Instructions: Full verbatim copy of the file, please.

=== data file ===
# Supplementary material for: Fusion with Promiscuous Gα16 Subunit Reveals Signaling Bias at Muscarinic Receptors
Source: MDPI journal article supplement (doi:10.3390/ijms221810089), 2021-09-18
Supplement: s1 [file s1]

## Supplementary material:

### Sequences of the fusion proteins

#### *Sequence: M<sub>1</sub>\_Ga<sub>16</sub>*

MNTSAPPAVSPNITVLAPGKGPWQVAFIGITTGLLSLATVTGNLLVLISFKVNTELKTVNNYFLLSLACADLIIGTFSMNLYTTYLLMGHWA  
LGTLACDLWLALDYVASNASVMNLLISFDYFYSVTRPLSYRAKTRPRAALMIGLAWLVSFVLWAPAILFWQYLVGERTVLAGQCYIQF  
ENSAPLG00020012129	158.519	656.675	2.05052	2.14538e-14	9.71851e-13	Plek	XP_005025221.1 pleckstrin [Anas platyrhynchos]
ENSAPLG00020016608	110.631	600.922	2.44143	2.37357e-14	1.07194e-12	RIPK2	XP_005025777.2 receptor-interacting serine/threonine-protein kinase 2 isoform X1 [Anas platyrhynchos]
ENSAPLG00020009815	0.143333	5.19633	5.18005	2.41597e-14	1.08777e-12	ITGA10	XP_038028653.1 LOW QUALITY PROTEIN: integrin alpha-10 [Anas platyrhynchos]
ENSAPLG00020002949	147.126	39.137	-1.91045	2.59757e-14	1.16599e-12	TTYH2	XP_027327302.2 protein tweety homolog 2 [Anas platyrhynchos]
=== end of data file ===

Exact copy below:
# Supplementary material for: Fusion with Promiscuous Gα16 Subunit Reveals Signaling Bias at Muscarinic Receptors
Source: MDPI journal article supplement (doi:10.3390/ijms221810089), 2021-09-18
Supplement: s1 [file s1]

## Supplementary material:

### Sequences of the fusion proteins

#### *Sequence: M<sub>1</sub>\_Ga<sub>16</sub>*

MNTSAPPAVSPNITVLAPGKGPWQVAFIGITTGLLSLATVTGNLLVLISFKVNTELKTVNNYFLLSLACADLIIGTFSMNLYTTYLLMGHWA  
LGTLACDLWLALDYVASNASVMNLLISFDYFYSVTRPLSYRAKTRPRAALMIGLAWLVSFVLWAPAILFWQYLVGERTVLAGQCYIQF  
ENSAPLG00020012129	158.519	656.675	2.05052	2.14538e-14	9.71851e-13	Plek	XP_005025221.1 pleckstrin [Anas platyrhynchos]
ENSAPLG00020016608	110.631	600.922	2.44143	2.37357e-14	1.07194e-12	RIPK2	XP_005025777.2 receptor-interacting serine/threonine-protein kinase 2 isoform X1 [Anas platyrhynchos]
ENSAPLG00020009815	0.143333	5.19633	5.18005	2.41597e-14	1.08777e-12	ITGA10	XP_038028653.1 LOW QUALITY PROTEIN: integrin alpha-10 [Anas platyrhynchos]
ENSAPLG00020002949	147.126	39.137	-1.91045	2.59757e-14	1.16599e-12	TTYH2	XP_027327302.2 protein tweety homolog 2 [Anas platyrhynchos]